Mysterious Emotional Contract
Anyone looking for the keyword “emotional contract” on the Internet today will mainly find two categories of application: On the one hand contributions dealing with problems about family issues concerning the parent/child relationship, mainly due to uncertain bonding experiences during adolescence. Or it is utilised in work-related contexts regarding the “emotional connection” of employees to their employing company – most often with references to the most extreme consequence of it: the dreaded “emotional resignation”.
The fact that in both cases an “emotional contract” is mentioned, which obviously is in a state of some crisis, seems to be no coincidence. And equally obvious, in both cases, there seems to be a kind of “invisible contract”, to which the concerned parties have consented somehow implicitly. Which means in the language of the law: “If someone tacitly expresses his will and the honest recipient of this may conclude on a legal will, so that a contract can come about without explicit declaration of will.“
This definition, however, points to the inherent problem of the two applications mentioned above: For there is hardly any tacit expression of will by a child by which it agrees to be an emotional and educational object of its parents, nor an implied right of employers to any emotional (and thus difficult to verify) corporate ties of their employees.
And here my topic for today comes into play:
Because not only the parent-child-relationship or an employment-relationship are based on such an implicit invisible “emotional contract”, but strictly speaking almost every relationship.
That is why it is important to make this phenomenon as visible as possible in our loving relationships, especially in non-monogamous multiple relationships, so that all those involved are able to recognise it and to participate in it.
Why do I use the term “emotional contract“? To this end, I would like to show first of all with help of the definition of the German Wikipedia, what a (legal) “contract” is – and surprisingly, some formulations already sound almost oligoamorous there:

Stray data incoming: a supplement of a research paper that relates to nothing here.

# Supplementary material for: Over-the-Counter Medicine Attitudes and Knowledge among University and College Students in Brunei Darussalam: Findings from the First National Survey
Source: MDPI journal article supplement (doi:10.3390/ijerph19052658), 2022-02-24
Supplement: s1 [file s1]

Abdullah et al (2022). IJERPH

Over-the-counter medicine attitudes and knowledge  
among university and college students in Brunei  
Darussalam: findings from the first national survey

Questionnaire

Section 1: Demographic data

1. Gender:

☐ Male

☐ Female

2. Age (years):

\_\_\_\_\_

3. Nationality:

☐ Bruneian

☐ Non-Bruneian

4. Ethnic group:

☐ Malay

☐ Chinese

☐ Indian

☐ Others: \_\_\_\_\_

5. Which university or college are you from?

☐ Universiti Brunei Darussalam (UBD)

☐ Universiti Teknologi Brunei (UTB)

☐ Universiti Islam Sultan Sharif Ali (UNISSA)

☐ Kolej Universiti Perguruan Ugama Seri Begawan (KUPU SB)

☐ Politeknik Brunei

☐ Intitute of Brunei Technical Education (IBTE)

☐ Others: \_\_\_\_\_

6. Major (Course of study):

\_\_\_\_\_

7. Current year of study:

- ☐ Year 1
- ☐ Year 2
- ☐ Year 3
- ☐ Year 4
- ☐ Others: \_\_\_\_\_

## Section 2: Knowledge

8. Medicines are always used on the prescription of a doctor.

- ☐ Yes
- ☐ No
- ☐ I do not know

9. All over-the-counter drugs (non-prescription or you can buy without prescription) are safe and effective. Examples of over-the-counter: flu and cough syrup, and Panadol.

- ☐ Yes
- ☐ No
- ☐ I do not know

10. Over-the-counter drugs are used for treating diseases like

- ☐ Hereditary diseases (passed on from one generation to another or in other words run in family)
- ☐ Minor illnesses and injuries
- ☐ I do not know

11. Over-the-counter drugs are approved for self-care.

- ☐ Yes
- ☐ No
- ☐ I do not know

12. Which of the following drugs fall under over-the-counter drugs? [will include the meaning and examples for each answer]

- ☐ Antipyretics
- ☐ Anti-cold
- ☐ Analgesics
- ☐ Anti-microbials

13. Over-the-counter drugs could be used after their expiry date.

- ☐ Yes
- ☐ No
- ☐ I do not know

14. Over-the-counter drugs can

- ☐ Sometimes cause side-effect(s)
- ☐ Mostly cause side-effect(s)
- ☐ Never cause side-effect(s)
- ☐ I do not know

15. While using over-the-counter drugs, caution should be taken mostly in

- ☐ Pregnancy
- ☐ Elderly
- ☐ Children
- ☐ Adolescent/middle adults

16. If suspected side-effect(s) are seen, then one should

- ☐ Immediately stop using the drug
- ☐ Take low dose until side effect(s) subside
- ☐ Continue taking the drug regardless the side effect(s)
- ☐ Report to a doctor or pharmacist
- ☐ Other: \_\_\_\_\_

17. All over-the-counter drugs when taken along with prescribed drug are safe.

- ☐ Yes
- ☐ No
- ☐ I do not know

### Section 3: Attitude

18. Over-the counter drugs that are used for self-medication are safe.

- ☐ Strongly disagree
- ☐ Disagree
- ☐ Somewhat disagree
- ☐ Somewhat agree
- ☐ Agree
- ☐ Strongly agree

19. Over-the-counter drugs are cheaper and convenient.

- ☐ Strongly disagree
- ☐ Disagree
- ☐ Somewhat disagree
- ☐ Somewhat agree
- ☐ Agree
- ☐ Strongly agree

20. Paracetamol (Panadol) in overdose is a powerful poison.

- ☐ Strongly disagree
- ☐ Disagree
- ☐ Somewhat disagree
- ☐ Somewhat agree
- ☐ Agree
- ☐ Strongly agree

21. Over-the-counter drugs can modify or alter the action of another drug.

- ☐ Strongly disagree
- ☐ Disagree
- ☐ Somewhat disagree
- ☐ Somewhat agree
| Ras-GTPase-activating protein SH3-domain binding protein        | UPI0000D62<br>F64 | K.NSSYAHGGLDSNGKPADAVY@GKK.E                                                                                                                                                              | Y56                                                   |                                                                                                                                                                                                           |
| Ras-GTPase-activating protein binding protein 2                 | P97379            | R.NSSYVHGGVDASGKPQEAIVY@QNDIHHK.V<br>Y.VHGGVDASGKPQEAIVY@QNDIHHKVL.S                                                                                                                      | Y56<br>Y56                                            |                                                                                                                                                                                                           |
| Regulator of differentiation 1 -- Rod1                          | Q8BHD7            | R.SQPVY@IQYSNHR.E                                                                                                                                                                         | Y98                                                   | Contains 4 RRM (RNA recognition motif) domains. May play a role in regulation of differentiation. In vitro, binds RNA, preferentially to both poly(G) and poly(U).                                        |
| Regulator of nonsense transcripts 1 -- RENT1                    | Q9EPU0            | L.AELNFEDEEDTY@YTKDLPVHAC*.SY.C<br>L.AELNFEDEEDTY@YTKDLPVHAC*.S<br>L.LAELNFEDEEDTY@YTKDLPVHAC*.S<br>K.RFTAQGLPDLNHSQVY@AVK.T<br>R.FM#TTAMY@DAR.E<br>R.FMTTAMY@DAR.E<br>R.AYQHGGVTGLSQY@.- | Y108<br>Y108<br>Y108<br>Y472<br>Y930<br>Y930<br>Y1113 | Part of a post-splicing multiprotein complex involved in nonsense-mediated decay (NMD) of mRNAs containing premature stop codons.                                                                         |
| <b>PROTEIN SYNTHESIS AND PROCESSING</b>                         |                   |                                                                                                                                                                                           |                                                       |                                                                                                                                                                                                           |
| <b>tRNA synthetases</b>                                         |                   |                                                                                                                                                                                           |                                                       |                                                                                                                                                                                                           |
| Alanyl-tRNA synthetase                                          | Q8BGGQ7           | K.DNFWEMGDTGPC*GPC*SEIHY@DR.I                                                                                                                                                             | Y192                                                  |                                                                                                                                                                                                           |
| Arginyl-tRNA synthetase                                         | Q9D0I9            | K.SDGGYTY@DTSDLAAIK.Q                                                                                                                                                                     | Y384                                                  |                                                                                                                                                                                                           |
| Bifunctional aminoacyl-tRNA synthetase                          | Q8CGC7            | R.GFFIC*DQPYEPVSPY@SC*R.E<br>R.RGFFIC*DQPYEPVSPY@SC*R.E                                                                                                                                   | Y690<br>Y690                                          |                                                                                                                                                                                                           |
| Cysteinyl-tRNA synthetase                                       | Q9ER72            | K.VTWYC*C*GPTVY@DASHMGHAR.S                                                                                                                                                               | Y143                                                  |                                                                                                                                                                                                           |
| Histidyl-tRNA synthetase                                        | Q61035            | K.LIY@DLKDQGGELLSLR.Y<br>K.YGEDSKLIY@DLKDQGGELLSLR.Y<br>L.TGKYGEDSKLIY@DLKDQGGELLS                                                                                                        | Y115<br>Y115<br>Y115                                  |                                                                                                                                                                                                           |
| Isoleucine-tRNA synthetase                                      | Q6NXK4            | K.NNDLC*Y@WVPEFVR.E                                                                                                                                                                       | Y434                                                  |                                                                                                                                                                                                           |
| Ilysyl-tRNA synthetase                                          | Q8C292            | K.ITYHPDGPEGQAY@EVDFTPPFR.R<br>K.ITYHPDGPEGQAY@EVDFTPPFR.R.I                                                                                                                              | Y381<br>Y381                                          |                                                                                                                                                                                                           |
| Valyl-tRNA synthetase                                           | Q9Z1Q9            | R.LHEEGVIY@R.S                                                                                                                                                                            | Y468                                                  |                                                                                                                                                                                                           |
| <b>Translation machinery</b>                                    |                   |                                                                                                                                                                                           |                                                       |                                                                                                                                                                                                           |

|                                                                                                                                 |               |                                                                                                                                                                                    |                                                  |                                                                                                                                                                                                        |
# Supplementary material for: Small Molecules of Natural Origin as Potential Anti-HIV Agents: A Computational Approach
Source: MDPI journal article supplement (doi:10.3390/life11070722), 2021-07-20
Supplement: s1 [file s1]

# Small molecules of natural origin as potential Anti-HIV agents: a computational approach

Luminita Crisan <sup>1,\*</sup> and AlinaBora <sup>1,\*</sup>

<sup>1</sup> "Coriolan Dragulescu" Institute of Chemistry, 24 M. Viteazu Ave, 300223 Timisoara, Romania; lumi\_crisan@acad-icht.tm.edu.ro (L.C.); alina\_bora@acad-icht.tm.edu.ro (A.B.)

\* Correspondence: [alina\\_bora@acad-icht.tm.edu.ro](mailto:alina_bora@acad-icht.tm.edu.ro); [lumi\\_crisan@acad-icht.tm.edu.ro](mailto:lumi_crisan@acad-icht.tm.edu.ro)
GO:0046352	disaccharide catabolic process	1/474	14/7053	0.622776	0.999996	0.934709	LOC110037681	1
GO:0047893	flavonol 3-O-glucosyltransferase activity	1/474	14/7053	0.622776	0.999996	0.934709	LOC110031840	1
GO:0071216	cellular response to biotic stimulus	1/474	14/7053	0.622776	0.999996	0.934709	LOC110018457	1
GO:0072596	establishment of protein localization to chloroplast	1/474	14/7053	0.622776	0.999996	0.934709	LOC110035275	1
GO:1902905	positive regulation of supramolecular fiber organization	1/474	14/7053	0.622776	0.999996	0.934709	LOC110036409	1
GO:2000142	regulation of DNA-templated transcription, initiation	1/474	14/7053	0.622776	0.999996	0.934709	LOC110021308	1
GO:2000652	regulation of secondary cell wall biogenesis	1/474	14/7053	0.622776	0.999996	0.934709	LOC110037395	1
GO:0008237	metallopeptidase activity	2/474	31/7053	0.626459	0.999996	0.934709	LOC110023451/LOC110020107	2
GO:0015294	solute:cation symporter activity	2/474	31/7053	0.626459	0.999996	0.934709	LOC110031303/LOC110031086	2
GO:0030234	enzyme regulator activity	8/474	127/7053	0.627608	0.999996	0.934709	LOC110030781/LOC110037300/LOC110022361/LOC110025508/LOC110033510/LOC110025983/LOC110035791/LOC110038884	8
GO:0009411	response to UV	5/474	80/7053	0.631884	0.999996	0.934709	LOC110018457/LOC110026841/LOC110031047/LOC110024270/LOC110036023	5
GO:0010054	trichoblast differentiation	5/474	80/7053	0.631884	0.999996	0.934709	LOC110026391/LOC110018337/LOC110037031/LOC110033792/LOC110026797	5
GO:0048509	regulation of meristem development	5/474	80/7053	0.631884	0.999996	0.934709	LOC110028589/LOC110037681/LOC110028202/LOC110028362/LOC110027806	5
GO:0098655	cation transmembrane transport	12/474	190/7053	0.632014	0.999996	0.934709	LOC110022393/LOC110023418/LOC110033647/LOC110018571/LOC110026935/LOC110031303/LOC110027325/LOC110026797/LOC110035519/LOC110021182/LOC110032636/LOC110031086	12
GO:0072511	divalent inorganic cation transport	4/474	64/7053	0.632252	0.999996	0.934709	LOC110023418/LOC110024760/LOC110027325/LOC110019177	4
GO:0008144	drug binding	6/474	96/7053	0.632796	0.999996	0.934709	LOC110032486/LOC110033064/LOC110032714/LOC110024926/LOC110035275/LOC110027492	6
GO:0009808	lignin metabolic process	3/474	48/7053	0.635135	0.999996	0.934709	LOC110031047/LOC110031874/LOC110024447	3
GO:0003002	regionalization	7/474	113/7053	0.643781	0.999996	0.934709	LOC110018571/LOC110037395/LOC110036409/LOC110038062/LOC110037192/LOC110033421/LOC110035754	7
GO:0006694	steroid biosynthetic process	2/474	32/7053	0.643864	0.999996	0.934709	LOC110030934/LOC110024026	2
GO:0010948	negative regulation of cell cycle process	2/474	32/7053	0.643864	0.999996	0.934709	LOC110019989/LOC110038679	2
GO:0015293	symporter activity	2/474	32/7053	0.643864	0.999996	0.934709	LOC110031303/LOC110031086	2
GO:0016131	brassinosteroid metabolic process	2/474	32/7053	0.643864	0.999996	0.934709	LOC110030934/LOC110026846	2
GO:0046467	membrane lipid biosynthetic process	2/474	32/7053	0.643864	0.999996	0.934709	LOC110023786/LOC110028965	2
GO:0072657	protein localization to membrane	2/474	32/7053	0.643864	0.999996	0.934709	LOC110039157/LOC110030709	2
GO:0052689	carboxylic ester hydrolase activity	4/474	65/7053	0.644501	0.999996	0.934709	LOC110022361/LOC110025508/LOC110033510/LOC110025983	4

“A contract is a legally-binding agreement which recognises and governs the rights and duties of the parties to the agreement.
A contract coordinates and regulates social behaviour through a mutual commitment. It is voluntarily arranged between two (or more) parties. In the contract, each party promises the other to do or refrain from doing something specific (and thereby to provide a performance desired by the other party). This makes the future more predictable for the parties. If one party cancels the contract, this may release the other party in whole or in part from its obligation to perform the contract.
The content of the contractual agreement must be understood by the contracting parties in the same meaning. Otherwise, there are different interpretations of the contract, and the purpose of the contract, the coordination of future behaviour, may fail. Therefore also deceptions of the other party, concerning the agreed, are inadmissible.
The self-obligation by promise presupposes that the party concerned is of age with respect to the subject matter of the contract and can speak for and decide for itself, meaning the party in question must be legally competent. A person of legal standing can make an effective declaration of intent and participate in business transactions. A person incapable of doing business can not make an effective declaration of intent. Each party must also be capable and entitled to act as promised. In this respect, the parties must be correspondingly autonomous and entitled to dispose.
If the services of the parties are provided at a later stage, the party who is making the advance input must be confident that the other party will still meet its obligations, otherwise there is an advance risk. Since no one will conclude a contract without a basis of trust, it is important for the parties to have a good reputation as reliable contractors.
In the meantime, if the agreed benefits extend far into the future, unforeseen events may occur which render the intentions of the parties in the contract null and void (discontinuation of the business basis). In this case, it may lead to a cancellation of the contract.
The content of a contract is negotiated by the parties. The final agreement depends on the interests of the parties, their options and their negotiating skills. In principle, each party is free to pursue their interests freely within the given legal framework. So the parties will only conclude a rational deal that puts them in a better position than without the contract.
Between the point where a contract becomes beneficial to the parties and the point where it becomes detrimental, there is more or less room for negotiation. The bargaining power of the parties may be quite different, depending on how urgently they might need the contract.”